The Patient Matters

As I attended HIMSS17 last week in Orlando, I had time to reflect on how Health Information Technology (HIT) has progressed over the years.

Medical care once simply meant a provider visited a home or spent 30 minutes interacting with a patient to understand their perspective and needs.  The result: face time and many written notes with pharmaceuticals and instruments in a black bag.

Then HIT came on the scene and became a major player in the provider business.  The attention turned to collecting data and automating process all with the focus of capturing information for billing — from order slips to “key punchers.”

Over time, billing requirements changed and early adopters of technology recognized that capturing orders to drive billing was beneficial because you could look at a patient’s order history and then capture clinical information important for managing the patient’s care.

But all of this was for the providers – for billing and creating a history on the patient for the providers to use.  HIT adopters envisioned empirical data driven health care. They believed if they could gain discrete access to data such as lab results, imaging results, range of motion, etc., then it would greatly improve overall patient care.

Yes, this empirical data is important, but we also realize there is still a critical piece missing.

Take an example from Laurence Higgins, MD.1 He noted that a patient recovering from shoulder surgery had a 75% range of motion. This sounds like a success until you ask the patient who shared that, while they did have great range of motion, they were experiencing extreme pain.  Now that recovery doesn’t seem so successful.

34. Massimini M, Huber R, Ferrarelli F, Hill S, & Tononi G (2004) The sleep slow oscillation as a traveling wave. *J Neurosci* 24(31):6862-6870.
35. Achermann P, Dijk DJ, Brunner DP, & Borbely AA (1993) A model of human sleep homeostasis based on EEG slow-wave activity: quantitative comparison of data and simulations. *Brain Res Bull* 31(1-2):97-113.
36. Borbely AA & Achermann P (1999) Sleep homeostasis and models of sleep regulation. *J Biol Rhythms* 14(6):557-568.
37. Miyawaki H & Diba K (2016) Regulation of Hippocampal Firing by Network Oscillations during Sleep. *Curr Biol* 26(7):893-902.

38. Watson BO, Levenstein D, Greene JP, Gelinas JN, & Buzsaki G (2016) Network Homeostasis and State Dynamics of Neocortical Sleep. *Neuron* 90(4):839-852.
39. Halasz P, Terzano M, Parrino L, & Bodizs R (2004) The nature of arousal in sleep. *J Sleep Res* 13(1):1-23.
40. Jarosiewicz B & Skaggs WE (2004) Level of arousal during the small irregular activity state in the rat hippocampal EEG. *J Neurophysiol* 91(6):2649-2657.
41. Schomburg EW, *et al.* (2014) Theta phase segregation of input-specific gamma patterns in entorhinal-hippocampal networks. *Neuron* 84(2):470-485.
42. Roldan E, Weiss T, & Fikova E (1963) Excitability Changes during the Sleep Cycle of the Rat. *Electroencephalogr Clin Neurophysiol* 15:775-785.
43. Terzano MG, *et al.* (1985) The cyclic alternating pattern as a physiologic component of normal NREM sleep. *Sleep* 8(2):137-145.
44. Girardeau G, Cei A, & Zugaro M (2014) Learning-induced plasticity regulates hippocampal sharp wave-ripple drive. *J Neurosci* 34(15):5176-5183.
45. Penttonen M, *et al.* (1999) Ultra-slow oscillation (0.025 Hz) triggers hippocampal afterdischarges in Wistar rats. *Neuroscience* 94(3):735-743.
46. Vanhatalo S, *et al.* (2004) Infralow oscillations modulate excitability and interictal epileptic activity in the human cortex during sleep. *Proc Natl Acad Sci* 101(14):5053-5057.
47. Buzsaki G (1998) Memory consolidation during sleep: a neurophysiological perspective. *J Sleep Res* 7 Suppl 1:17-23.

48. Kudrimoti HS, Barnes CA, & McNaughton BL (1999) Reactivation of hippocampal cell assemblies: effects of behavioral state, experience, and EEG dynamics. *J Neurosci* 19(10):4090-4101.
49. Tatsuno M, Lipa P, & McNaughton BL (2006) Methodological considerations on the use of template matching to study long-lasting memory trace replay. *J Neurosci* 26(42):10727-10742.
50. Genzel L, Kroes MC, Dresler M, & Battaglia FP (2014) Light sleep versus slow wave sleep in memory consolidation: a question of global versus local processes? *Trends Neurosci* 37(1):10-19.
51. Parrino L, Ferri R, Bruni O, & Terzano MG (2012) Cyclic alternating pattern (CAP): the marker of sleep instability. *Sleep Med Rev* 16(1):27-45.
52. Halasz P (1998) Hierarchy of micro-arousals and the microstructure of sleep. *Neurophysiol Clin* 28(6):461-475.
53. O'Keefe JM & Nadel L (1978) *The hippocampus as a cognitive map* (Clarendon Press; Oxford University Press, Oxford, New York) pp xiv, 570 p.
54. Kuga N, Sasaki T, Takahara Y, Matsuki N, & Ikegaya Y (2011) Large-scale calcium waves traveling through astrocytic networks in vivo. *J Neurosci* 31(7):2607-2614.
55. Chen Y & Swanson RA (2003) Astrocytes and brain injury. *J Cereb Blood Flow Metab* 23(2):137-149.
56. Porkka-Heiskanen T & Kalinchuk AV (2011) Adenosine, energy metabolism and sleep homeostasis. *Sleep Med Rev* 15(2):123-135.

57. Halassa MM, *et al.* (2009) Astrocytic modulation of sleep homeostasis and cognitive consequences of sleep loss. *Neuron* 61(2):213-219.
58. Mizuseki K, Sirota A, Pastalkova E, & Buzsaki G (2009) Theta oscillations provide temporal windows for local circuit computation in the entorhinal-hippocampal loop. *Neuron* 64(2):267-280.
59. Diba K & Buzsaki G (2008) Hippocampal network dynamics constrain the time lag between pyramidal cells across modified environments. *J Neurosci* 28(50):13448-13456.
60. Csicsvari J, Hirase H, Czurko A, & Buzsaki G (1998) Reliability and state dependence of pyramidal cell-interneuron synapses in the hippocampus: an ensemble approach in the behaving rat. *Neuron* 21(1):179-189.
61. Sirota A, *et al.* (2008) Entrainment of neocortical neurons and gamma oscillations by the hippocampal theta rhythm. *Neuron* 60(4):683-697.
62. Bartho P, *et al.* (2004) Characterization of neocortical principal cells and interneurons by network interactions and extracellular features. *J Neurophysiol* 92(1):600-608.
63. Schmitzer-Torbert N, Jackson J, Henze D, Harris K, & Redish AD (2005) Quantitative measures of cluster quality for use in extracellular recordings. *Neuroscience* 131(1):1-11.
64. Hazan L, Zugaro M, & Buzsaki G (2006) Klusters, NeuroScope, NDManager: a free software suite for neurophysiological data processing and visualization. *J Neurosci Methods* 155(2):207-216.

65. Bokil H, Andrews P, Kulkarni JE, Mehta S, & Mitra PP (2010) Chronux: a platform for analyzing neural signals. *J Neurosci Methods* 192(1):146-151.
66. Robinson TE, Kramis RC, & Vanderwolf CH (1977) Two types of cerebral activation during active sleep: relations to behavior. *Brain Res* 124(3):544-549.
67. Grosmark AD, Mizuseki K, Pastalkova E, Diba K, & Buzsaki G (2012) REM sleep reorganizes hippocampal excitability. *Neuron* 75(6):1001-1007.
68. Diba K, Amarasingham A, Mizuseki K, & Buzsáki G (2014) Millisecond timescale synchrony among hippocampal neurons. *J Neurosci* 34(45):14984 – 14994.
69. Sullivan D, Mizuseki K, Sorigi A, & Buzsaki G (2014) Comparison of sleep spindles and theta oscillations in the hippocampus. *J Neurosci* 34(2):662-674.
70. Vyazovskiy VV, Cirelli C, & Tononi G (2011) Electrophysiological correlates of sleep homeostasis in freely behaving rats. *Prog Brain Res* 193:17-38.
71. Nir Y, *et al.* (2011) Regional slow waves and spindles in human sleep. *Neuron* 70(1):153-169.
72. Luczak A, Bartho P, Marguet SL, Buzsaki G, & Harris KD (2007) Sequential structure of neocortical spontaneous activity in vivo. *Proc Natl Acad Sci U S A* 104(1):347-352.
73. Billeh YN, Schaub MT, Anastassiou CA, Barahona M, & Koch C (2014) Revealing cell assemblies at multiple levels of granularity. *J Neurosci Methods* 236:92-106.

This now creates a whole new facet of HIT.  We need smarter software utilizing Cognitive Computing, a topic so eloquently presented this week by the keynote speaker Ginni Rometty, IBM chairman, president and CEO.

This is the major opportunity facing healthcare today.  The HIT industry is making a paradigm shift from hardcore numbers and facts to looking for relationships and applying cognitive knowledge to provide better care for patients.

Another key focus is increasing patient involvement.  Payers are recognizing that an involved patient will drive down the cost of care and improve clinical outcomes.  But doing so comes with challenges including, first and foremost, how to communicate with a population that may have low health literacy skills, are technology challenged, have limited reading skills, are attention challenged, and have diminished motor skills.

While 5 out of 10 people have limited literacy, an astounding nine out of 10 have limited health literacy2.

Interaction with this population presents its fair share of obstacles. Yet, we must find ways to present complicated information in easy to understand ways, create interactions that are intuitive and maintain data integrity, sustain user interest, and teach all new skills and behaviors.

So here we are – rounding full circle, again.  However, healthcare and specifically HIT is in a better position to collect data while augmenting that information with the patient experience and applying cognitive analysis to provide the best care in a cost-effective way.

What matters to the patient, must matter to us. It’s imperative that we put the patient first.

 

Earl Arbuckle, MS PMC-V                                                                                                                                                 Director, Product Management

 

 

1 Measuring Value Based Patient Care with Reported Outcomes education session at HIMSS17

2 How to Create Consumer Friendly Health It education session at HIMSS17